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Tungahua I - Bosque Protector Los Cedros

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Trogon Creek - Bosque Protector Los Cedros

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Amanecer Cerca del Observatorio - Bosque Protector Los Cedros

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Clearing - Bosque Protector Los Cedros

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Aves en el Bosque Secundario - Bosque Protector Los Cedros

I thought that there might be some interest in these, and they’re certainly not doing anyone besides myself much good just sitting on my hard drive. When I last had the pleasure of visiting the tropical forest I recorded many, many hours worth of soundscapes from different areas of the Bosque Protector Los Cedros, a biological reserve in Ecuador covering 17,000 acres of mostly untouched wilderness in the lower part of the Chocó biogeographic region, one of the world’s biodiversity hotspots and home to a staggering number of species of flora and fauna, many endemic to the region.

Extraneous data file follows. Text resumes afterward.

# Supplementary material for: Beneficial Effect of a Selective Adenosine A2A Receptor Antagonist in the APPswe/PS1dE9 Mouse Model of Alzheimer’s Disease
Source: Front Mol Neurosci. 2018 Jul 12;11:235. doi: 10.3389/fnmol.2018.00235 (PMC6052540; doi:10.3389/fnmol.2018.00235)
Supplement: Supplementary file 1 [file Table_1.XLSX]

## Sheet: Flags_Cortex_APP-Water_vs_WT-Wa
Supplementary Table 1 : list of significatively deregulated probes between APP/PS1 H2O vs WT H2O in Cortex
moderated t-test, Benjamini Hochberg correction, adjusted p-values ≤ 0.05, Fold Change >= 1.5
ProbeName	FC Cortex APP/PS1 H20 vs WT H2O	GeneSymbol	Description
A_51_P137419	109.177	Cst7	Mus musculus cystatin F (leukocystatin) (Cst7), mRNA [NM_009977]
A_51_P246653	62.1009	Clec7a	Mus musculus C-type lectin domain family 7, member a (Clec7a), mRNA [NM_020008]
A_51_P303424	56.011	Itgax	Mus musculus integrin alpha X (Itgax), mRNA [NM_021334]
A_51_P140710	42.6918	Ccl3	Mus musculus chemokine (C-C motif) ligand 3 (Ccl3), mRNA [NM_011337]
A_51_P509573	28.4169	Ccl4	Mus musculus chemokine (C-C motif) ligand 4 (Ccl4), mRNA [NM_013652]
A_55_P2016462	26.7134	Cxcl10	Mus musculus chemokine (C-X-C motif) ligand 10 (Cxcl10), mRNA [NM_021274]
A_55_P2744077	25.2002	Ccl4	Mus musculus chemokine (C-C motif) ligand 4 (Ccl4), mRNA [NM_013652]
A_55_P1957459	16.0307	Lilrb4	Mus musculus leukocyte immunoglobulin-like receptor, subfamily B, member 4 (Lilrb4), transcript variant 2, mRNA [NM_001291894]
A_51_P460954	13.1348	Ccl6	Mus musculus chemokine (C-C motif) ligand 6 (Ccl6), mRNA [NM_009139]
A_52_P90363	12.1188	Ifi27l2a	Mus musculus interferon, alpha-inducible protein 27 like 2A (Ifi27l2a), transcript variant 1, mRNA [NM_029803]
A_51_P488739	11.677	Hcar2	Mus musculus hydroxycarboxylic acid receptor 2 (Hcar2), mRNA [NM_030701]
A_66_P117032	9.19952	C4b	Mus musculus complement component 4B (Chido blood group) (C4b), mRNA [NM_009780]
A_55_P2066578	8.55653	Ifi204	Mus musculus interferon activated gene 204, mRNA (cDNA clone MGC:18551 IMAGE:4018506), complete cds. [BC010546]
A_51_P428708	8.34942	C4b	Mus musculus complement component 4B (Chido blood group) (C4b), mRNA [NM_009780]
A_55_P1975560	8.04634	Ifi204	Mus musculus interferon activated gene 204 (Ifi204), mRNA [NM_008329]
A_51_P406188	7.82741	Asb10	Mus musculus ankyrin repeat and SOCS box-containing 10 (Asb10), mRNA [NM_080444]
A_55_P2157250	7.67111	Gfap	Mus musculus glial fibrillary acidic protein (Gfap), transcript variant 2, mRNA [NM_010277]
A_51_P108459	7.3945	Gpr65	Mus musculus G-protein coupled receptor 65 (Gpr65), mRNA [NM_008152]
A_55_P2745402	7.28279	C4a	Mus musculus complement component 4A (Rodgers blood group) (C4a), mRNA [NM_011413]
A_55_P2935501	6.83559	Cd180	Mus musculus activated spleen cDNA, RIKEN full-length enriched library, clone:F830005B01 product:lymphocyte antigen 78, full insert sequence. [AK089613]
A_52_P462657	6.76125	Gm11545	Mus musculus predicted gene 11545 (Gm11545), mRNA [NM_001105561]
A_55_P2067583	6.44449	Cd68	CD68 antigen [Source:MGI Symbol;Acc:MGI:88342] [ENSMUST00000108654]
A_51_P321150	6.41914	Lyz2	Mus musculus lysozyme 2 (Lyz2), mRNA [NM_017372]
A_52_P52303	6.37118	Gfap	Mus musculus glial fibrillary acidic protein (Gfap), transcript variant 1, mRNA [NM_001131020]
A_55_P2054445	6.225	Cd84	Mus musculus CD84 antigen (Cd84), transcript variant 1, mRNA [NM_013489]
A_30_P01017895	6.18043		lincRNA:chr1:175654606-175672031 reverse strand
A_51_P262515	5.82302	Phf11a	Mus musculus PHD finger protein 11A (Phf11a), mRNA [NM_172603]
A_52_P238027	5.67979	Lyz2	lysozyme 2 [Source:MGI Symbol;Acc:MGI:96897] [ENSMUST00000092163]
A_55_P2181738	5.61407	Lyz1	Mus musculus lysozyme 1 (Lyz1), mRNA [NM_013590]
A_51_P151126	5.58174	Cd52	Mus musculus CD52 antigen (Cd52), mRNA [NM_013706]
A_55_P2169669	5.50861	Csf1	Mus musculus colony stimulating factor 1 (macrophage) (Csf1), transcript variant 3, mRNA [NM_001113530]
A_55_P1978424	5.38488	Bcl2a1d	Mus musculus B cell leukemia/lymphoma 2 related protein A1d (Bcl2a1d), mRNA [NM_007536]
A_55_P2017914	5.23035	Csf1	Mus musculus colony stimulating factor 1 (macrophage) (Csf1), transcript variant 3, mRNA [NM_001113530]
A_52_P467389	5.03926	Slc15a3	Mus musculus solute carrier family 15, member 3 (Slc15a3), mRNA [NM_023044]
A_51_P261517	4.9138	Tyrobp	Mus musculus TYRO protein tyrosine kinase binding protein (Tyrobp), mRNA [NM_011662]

Below are several recordings, all about an hour in length. They were taken from several locations and form something of a picture of this type of forest in the middle of the (relatively) dry season; though life doesn’t seem to slow down much in the rain there, it certainly becomes more challenging to record it well. My efforts at makeshift umbrellas made of Anthurium leaves were enough to protect my equipment from the many downpours, but the acoustics left much to be desired. All of these recordings were made with me present, perched a little way further down the trail but still within eyeshot of the area so that I could attempt to document the wildlife I was recording (I must have looked positively ridiculous flipping furiously through the field guide The Birds of Ecuador, which contains something like 1600 species, after some tiny hummingbird or another).